MANILA, Philippines (AP) — A suspected terrorist killed by Philippine police snipers after he threatened to detonate a powerful bomb may have been targeting a church or foreign aid workers helping typhoon-devastated province, a senior police official said Monday.
SWAT snipers killed Mohammad Noor Fikrie late Friday while he threatened to set off a bomb in his backpack outside a crowded park in southern Davao city.
After months of surveillance, military and police intelligence officers had tracked the Malaysian to a budget hotel in the city last week. Their efforts to capture him peacefully failed when he evaded police, held up a cellphone and threatened to use it to set off a bomb.
"I was just waiting for the blast," said police Senior Superintendent Ronald de la Rosa said. "I thought I would never see my family again."
Intelligence officials had received information that Muslim extremists were planning to bomb foreigners in Davao, said de la Rosa, who heads the police force in Davao, a bustling city about 980 kilometers (612 miles) south of Manila.
Fikrie's wife, who was arrested, told investigators she and Fikrie had wanted to bomb a passenger bus for extortion, but de la Rosa said there were signs that the two had really wanted to target foreign aid workers. Aid workers are using Davao as a hub to provide assistance to nearby provinces recently devastated by Typhoon Bopha, which left more than 1,000 people dead.
The target may also have been a Roman Catholic church, dela Rosa said, adding that two of five major bomb attacks staged in Davao city by Muslim militants in the past have targeted churches. Fikrie was discovered shortly before the start of popular pre-Christmas dawn Masses that pack churches nationwide with huge devotees, he said.
Police say Fikrie, 26, was a Middle East-trained bomb-making expert and close associate of fellow Malaysian Zulkifli bin Hir, who uses the nom de guerre Marwan and is one of Southeast Asia's most-wanted terror suspects. Washington has offered a $5 million bounty for the killing or capture of Marwan, who reportedly perished in a U.S.-backed Philippine military airstrike on southern Jolo island last February. Several Philippine intelligence officials, however, believe Marwan survived the attack and remains in hiding in the south.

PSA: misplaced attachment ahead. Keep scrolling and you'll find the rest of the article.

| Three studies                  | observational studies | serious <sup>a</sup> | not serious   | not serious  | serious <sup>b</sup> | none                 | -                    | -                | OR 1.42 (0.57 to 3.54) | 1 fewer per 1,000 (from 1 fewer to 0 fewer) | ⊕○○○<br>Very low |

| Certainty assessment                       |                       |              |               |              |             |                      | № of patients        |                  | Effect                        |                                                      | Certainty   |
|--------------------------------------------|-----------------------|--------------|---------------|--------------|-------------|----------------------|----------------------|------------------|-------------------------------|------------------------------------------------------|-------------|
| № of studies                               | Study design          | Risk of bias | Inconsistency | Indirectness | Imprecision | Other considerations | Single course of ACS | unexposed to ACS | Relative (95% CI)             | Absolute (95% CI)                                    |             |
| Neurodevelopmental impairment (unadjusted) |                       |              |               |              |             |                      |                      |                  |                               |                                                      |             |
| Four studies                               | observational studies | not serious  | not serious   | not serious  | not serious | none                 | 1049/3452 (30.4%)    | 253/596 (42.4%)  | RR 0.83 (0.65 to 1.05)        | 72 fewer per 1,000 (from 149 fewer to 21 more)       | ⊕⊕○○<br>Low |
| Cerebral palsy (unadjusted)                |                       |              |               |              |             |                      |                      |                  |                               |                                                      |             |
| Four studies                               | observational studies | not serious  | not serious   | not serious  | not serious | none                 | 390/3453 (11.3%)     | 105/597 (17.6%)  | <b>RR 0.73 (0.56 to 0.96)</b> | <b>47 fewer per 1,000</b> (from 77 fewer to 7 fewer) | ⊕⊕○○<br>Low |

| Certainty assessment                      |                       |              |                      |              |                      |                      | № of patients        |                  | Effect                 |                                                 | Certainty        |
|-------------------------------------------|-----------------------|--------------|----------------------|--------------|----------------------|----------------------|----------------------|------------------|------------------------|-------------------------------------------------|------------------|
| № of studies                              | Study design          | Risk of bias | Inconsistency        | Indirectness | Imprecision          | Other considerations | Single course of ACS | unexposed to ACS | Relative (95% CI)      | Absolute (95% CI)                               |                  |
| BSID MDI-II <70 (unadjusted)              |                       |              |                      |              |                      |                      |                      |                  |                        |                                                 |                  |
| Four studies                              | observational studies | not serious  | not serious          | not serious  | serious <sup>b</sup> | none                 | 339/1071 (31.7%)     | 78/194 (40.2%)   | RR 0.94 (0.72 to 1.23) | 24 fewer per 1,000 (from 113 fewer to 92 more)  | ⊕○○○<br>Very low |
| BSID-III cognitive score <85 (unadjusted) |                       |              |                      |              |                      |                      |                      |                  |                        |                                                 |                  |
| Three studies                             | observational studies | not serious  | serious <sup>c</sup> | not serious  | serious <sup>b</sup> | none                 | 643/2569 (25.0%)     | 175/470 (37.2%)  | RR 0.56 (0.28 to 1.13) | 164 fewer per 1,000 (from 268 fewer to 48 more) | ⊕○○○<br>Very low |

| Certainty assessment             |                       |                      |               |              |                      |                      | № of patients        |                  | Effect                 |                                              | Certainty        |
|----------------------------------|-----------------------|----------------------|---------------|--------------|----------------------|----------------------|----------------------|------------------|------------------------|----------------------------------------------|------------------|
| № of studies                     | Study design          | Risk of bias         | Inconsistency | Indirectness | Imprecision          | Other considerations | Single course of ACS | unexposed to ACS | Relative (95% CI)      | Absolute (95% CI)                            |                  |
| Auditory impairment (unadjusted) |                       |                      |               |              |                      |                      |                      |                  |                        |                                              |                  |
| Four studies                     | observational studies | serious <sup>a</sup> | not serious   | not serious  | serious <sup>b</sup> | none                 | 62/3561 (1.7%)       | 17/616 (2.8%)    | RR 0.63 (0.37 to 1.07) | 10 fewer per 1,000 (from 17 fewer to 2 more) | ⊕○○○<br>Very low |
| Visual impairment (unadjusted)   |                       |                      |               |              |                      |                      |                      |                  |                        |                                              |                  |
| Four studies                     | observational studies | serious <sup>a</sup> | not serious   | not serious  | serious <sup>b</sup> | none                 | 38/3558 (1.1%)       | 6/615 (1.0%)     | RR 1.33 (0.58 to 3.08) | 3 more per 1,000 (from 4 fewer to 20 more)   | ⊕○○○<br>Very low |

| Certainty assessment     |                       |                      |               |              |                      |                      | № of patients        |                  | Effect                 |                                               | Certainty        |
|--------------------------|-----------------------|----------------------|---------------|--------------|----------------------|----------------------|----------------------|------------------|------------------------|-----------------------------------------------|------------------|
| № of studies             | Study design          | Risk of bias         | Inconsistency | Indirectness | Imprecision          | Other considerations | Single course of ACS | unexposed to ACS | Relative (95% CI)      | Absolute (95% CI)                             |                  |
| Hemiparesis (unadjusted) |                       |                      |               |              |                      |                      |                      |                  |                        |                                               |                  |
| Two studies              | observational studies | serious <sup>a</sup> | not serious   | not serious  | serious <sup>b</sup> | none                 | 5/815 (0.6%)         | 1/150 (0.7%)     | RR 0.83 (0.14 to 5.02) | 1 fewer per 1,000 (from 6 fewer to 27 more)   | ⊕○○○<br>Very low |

Fikrie arrived in the southern Philippines in April and had allegedly provided bomb-making training to foreign and Filipino Muslim militants in the south. He had wanted to acquire a Philippine passport, which he could use to travel to Syria for an unspecified purpose, according to a government dossier seen by The AP.
After tracking down the suspect, police asked hotel staffers to evict Fikrie and his wife, fearing they may set off a bomb if confronted inside the building, which was packed with guests. When the couple reached the hotel lobby, de la Rosa said he and other policemen tried to take them into custody, but Fikrie broke loose, held up a cellphone and threatened to detonate a 60mm mortar bomb in a backpack he was carrying, a police report said.
"If you arrest or shoot me, I have a bomb. I will explode it," the police report quoted Fikrie as saying to the police officers, who stepped back.
Fikrie dashed out of the hotel and ran toward a park, where a sniper shot him twice in the chest. Another police officer shot him in the shoulder to prevent him from trigger the bomb with his cellphone, de la Rosa said.
The bomb, which was subsequently defused, was fashioned from a mortar shell, he said.
Fikrie's wife, a Filipino named Anabelle Nieva Lee, was captured by police and was being interrogated, de la Rosa said.